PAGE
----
Most scholars like to say that “modern poetry,” at least in this country, began with the 19th century poets Walt Whitman and Emily Dickinson. The opposite ways they worked can be summed up in a line of poetry from each of them, “I am nobody, who are you?” from Dickinson, and “I am large, I contain multitudes” from Whitman.

Whitman tried to cram the whole world into one poem, a whole culture, a whole deep spiritual desiring. Walt Whitman never separated his poetry from his vision of American democracy.

I don’t think I can do better than to use the two to exemplify the opposite approaches to the spirit poetry can provide. Here is a snippet from Whitman’s Song of Myself….Notice how nothing is resolved, nothing is left out, from birth to death. Notice that the lines have the intonations of a chant. They are as long as a breath. They require the body to be in them, they require the whole self.

A child said, What is the grass? fetching it to me with full hands; How could I answer the child?. . . .I do not know what it is any more than he. I guess it must be the flag of my disposition, out of hopeful green stuff woven.

Or I guess it is the handkerchief of the Lord, A scented gift and remembrancer designedly dropped, Bearing the owner’s name someway in the corners, that we may see and remark, and say Whose?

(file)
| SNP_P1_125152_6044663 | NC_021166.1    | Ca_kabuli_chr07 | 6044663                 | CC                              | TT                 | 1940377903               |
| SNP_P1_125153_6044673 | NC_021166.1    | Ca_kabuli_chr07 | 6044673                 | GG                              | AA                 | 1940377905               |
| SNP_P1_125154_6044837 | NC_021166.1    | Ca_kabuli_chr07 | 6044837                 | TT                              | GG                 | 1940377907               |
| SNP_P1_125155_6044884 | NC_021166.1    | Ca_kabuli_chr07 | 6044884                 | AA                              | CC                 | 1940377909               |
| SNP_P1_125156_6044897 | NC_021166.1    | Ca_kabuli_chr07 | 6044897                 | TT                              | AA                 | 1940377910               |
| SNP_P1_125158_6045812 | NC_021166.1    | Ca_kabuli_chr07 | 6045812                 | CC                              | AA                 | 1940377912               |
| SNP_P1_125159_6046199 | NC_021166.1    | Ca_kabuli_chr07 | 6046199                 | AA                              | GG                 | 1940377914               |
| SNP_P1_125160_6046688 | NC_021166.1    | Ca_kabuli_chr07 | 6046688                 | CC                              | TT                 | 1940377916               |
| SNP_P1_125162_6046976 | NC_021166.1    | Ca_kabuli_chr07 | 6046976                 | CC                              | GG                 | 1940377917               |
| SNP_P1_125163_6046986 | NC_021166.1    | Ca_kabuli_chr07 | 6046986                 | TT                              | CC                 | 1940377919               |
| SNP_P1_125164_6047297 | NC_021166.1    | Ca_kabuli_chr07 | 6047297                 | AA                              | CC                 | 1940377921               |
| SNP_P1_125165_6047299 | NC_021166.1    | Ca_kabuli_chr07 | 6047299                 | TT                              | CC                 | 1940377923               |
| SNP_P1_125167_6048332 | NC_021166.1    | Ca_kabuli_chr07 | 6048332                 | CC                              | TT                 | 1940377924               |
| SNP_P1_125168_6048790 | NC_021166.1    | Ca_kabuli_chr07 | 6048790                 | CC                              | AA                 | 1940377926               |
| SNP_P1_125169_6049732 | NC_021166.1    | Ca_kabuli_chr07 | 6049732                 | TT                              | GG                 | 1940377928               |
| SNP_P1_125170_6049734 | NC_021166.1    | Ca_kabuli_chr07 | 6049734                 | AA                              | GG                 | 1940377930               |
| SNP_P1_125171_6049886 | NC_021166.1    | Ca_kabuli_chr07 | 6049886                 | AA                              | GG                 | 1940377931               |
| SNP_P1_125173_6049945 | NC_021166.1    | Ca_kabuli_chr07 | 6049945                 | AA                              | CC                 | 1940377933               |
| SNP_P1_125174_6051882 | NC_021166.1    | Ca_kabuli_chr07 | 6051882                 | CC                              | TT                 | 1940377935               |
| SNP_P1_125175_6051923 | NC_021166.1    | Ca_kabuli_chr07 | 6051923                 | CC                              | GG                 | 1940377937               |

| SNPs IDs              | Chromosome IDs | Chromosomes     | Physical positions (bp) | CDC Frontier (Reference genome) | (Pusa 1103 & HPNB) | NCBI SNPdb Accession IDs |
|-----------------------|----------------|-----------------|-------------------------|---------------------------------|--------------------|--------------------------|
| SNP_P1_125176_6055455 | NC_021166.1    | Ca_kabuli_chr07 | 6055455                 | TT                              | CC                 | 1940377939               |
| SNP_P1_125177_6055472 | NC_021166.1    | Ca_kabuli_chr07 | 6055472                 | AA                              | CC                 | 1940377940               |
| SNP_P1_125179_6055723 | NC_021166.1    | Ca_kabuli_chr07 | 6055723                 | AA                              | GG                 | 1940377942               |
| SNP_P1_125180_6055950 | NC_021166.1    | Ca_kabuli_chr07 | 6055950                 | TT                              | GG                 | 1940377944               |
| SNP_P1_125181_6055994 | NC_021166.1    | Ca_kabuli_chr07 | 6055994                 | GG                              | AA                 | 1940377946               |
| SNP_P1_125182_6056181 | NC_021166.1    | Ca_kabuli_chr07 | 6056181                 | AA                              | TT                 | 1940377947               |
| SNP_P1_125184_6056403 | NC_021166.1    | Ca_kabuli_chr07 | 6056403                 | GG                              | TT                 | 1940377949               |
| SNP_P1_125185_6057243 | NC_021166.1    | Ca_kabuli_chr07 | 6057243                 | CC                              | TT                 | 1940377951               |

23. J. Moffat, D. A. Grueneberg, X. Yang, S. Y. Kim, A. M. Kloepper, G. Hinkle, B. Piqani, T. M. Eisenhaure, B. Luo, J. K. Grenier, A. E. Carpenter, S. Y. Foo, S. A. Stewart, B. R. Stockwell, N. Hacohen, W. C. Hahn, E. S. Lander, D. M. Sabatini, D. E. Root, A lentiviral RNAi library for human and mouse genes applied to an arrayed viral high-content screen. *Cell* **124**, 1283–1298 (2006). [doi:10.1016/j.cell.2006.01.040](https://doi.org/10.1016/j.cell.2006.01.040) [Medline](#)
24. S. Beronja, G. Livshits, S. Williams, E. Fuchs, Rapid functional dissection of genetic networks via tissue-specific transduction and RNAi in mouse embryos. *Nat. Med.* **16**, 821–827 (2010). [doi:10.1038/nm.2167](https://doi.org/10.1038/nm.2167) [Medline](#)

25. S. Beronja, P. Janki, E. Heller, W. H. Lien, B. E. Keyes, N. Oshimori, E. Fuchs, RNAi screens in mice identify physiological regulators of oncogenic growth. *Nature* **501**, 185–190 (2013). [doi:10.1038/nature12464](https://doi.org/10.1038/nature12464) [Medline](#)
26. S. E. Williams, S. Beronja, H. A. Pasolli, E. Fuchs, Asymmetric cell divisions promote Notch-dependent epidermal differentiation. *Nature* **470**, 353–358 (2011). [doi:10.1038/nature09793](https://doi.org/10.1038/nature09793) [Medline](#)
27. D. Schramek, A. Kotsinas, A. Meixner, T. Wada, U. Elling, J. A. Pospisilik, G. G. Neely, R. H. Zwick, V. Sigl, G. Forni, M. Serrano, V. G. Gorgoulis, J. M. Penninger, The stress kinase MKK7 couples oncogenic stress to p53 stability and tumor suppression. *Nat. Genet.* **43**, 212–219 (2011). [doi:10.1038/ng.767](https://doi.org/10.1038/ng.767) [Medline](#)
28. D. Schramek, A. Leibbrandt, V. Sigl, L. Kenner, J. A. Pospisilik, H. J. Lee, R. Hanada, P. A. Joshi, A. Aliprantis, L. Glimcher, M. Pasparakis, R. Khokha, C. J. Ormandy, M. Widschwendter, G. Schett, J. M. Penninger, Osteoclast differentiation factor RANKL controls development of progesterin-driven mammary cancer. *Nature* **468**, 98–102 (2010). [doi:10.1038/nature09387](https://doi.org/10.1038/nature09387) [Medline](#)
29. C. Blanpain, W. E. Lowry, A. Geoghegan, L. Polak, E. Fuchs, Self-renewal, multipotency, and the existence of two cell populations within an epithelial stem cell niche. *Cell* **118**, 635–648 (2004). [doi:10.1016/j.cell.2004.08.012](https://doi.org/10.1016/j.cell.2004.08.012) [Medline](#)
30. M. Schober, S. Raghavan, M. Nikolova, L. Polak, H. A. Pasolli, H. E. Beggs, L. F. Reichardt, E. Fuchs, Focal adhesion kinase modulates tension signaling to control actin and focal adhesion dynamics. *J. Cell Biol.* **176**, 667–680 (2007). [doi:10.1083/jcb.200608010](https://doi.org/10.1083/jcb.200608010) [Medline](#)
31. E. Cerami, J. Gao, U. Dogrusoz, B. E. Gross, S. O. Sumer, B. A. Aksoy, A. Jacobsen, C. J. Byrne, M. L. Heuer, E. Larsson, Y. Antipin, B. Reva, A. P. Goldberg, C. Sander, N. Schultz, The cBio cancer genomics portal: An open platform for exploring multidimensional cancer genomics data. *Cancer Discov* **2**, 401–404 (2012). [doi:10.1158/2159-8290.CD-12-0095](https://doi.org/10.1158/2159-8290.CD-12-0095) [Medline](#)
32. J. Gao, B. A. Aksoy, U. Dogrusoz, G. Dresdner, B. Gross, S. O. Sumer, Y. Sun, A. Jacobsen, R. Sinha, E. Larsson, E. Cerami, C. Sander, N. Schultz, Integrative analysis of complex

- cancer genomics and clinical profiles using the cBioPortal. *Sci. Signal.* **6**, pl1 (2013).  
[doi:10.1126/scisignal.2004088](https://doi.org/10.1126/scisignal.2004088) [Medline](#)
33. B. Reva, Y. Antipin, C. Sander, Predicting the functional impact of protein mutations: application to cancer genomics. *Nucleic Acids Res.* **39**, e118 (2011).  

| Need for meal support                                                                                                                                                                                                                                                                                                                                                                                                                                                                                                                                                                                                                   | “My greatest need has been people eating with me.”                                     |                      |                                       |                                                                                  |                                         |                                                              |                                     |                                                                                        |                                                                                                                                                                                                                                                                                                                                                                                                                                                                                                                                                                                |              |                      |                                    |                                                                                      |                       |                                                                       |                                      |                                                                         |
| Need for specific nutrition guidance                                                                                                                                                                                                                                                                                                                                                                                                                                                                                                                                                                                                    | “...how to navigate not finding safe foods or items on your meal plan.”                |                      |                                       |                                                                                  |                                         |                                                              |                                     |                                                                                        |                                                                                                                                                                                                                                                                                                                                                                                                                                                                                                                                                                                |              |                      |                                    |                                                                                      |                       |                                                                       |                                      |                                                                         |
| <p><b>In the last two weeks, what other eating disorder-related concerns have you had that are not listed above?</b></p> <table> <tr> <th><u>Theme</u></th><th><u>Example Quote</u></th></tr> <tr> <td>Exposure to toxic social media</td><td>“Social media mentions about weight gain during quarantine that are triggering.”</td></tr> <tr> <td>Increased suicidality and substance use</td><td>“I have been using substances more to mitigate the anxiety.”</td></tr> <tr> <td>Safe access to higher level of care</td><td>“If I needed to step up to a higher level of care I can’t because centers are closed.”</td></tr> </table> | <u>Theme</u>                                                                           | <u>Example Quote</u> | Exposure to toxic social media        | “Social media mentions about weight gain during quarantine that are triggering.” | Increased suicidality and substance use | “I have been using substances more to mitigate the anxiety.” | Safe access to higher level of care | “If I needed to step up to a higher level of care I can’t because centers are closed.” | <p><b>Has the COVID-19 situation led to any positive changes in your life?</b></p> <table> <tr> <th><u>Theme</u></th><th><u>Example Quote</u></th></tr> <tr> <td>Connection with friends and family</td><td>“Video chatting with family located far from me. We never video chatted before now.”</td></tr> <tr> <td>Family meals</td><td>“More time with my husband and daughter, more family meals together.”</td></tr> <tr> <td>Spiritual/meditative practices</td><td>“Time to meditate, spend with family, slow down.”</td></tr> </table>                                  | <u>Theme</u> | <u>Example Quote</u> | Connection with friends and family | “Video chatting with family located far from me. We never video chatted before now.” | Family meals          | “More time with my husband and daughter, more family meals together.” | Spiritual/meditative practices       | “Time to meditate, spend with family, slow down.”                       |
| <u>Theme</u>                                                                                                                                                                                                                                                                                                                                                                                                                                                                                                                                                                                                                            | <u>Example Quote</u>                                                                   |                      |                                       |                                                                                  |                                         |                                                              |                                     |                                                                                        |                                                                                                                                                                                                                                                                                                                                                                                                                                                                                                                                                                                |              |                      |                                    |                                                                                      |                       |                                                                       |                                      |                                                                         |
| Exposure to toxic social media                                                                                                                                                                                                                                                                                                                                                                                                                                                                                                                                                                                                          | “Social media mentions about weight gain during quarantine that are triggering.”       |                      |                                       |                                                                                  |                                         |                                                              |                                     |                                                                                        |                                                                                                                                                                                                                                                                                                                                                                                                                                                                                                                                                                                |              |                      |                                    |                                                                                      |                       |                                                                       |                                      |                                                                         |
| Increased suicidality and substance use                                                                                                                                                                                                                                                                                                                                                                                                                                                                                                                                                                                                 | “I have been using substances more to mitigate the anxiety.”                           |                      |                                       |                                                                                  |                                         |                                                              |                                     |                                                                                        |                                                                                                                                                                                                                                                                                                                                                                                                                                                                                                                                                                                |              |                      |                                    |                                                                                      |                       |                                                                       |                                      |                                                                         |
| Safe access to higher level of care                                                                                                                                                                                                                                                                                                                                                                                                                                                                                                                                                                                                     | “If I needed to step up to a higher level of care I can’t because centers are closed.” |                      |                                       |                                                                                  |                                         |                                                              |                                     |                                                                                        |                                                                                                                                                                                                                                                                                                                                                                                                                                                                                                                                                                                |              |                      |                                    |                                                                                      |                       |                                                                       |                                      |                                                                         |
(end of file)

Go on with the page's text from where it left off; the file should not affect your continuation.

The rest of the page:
Or I guess the grass is itself a child. . . .the produced babe of the vegetation.

Or I guess it is a uniform hieroglyphic, And it means, Sprouting alike in broad zones and narrow zones,

Growing among black folks as among white, Kanuck, Tuckahoe, Congressman, Cuff, I give them the same, I receive them the same. And now it seems to me the beautiful uncut hair of graves.

Tenderly will I use you curling grass, It may be you transpire from the breasts of young men, It may be if I had known them I would have loved them; It may be you are from old people and from women, and from offspring taken soon out of their mother’s laps, And here you are the mother’s laps.

If Walt Whitman casts his net to catch the whole world in it, Emily Dickinson draws her poems into the smallest space possible. Think of both of these approaches in terms of the rituals we invent to try to do to contact our spirits directly. We draw a circle around space and call it sacred—an hour, a place, certain words repeated to give them ritual power. And at the same time, there’s the casting outward, the intent of the ritual to reach beyond the immediate into whatever vastness connects us.

The speaker in this small poem by Emily Dickinson is equally enraptured by the world. But look how the emotion is packed into a tight container. She describes what it’s like when the sense of wonder, of life being wonderful—of heaven, she calls it, just simply seems to go away, and there’s nothing to do but stare into space.

I’ve known a Heaven, like a Tent— To wrap its shining Yards— Pluck up its stakes, and disappear— Without the sound of Boards or Rip of Nail—or Carpenter— But just the miles of Stare—

In the Metaphysics, Aristotle tells us that “It is owing to wonder that people both now begin and at first began to philosophize.” We can think of wonder and astonishment as the well-spring of the poem, as well. From the brief opening those emotions provide, we’re able to reenter and become whole with the world.


Michigan Writers on the Air: Commentaries on Poetry